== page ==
The Early Years.

Kurt Elling was born in 1967, the son of Martha and Henry Elling and was fortunate enough to be part of a family that already celebrated music. His father was the Choirmaster at a Lutheran church and through Kurt’s childhood, he would sing in choirs as well as becoming an accomplished musician playing a number of instruments. These included the French horn, piano and the drums.

Whilst his musical education was focused more on classical compositions, the influence of artists now being featured on television in the 70s was to play a role in Kurt’s future career. He listened to Tony Bennett and wondered what it might be like to sing with a big band rather as part of a choral ensemble. In the meantime however he continued to devote his free time to his performances with the college choir.

He was to say later: “When it was undeniably uncool and geeky and all that, to be in the choir, I did it anyway, because it was reliably beautiful, and it was rewarding, and it gave me gifts of experience and friendships.”

That experience included singing the National Anthem with his high school madrigal choir Joyful Sounds, under the direction of Joyce Kortz in front of a crowd of over 40,000 people. A taste of things to come.

Kurt majored in history and minored in religion at Gustavus Adolphus College in St. Peter, Minnesota, but still found time to sing in the 70 voice Gustavus Choir, an a cappella choir that performed works from a variety of different composers, allowing him to develop his technical skills. His performance skills were also honed performing with the choir in the USA and also on a European tour.

His schedule still allowed time to appreciate other styles of music and in a later in an interview with Craig Jolley of All About Jazz online, he had this to say about his growing interest in jazz.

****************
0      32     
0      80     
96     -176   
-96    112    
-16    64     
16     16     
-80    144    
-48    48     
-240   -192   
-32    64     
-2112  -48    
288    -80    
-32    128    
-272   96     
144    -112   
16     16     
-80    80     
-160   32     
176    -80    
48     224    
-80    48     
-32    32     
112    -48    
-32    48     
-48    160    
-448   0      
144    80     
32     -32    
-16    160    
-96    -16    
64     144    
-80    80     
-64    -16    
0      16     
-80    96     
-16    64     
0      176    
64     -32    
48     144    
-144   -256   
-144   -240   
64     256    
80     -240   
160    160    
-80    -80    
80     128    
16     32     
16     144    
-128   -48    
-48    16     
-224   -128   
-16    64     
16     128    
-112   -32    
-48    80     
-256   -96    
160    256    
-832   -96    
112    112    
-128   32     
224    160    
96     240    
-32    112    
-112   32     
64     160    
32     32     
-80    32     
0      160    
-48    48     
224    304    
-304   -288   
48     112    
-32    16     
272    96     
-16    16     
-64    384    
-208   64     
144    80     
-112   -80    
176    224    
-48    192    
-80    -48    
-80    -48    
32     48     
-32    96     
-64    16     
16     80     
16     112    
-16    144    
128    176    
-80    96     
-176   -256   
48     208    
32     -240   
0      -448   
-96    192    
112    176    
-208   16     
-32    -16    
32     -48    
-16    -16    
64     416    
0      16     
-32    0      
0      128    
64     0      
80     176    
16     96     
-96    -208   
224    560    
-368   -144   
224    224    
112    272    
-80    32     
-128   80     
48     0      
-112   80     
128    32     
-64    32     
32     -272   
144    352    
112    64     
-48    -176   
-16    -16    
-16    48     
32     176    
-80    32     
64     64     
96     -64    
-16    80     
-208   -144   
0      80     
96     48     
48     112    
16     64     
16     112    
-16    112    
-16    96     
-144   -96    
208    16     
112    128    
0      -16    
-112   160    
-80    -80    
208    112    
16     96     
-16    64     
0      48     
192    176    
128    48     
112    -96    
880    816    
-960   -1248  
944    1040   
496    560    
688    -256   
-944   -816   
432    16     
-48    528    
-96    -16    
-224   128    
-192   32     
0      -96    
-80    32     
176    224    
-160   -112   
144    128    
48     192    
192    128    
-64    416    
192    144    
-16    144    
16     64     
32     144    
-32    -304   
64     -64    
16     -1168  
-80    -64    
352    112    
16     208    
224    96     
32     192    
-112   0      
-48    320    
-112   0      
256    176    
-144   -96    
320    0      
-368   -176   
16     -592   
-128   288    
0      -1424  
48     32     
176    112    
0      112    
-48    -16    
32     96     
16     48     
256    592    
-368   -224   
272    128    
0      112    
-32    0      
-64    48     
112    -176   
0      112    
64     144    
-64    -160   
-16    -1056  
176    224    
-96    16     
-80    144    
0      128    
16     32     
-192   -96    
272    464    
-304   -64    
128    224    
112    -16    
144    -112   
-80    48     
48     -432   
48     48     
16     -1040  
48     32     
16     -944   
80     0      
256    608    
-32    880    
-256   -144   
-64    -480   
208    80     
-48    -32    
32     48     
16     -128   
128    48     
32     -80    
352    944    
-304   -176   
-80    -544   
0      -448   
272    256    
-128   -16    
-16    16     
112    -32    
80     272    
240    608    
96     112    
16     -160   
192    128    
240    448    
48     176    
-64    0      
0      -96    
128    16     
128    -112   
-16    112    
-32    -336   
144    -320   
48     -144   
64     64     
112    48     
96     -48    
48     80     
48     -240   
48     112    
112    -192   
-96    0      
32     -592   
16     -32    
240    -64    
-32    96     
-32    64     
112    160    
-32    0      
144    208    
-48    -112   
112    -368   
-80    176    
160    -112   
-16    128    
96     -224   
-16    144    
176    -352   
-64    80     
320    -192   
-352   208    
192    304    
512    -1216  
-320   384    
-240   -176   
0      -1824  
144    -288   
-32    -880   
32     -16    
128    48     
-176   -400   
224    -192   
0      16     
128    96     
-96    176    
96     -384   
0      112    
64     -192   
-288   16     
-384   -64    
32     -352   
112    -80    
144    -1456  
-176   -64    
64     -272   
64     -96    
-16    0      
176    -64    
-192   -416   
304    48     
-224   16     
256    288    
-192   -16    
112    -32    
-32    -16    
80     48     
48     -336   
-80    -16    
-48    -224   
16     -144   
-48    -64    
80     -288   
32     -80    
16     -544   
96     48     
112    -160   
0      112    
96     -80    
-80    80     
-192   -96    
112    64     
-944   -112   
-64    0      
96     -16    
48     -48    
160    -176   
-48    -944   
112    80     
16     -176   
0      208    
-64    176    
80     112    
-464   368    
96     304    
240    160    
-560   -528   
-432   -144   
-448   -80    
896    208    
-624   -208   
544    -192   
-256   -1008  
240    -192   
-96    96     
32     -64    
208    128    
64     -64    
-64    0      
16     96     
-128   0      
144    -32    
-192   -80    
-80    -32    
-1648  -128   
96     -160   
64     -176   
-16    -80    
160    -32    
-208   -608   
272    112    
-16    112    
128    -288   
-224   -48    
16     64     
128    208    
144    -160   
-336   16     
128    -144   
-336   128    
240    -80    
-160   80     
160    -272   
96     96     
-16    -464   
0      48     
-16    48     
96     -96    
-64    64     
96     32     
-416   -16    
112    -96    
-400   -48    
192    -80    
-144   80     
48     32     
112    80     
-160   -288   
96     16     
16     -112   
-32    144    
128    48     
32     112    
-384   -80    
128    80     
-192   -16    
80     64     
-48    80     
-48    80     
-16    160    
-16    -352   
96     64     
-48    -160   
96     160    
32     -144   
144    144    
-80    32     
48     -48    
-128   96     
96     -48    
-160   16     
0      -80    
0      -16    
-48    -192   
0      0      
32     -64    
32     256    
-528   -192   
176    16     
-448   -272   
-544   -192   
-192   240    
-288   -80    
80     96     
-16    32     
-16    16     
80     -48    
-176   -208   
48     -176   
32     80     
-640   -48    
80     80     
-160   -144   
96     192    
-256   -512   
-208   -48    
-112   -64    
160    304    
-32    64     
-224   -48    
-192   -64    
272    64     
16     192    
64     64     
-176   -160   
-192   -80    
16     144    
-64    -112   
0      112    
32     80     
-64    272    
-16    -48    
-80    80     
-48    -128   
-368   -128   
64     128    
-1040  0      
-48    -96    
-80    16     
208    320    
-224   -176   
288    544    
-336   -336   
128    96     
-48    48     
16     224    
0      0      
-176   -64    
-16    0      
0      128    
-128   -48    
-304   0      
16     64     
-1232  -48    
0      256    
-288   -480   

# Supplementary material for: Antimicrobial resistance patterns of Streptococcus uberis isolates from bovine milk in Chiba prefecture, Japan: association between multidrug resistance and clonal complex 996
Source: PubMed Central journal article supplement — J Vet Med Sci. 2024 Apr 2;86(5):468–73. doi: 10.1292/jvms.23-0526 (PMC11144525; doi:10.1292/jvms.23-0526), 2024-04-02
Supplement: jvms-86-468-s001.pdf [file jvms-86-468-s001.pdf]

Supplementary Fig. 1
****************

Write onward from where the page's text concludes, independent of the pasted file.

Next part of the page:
“A friend of mine down the hall was a big jazz fan, and he started hipping me to Dexter Gordon, Dave Brubeck and Herbie Hancock. It seemed like a natural thing to start singing that music. I turned to Ella Fitzgerald right away because with her scat-singing, she went beyond the usual boring pattern of singer-horn solo-singer.”

This new appreciation of jazz let Kurt to join both the college’s jazz orchestra and student combos although at this time his focus still remained in the classic realm.

Following his time at Gustavus Adolphus College, Kurt returned in 1989 to Illinois to start his graduate studies in philosophy and ethics at the University of Chicago’s Divinity School. His music was not neglected and he began playing a weekly jazz gig and whilst not hugely lucrative, it did reinforce Kurt’s new found love of the style. He was fortunate to find a mentor and teacher in Karl Johnson, the house pianist at Milt Trenier’s, a basement club in Chicago. However, the challenge of studying philosophy and religion during the day and spending his night-times in jazz clubs became too complex and jazz won.

Kurt was to say in an interview: “I realized that my fun and the joy of my life was happening a lot more in clubs with jazz musicians than it was in the classroom with academic people,” the singer told Fred Jung of Jazz Weekly online. “I sort of figured out that I had a chance of doing this kind of thing and decided to take my shot at it and started to work in earnest toward becoming a jazz musician.”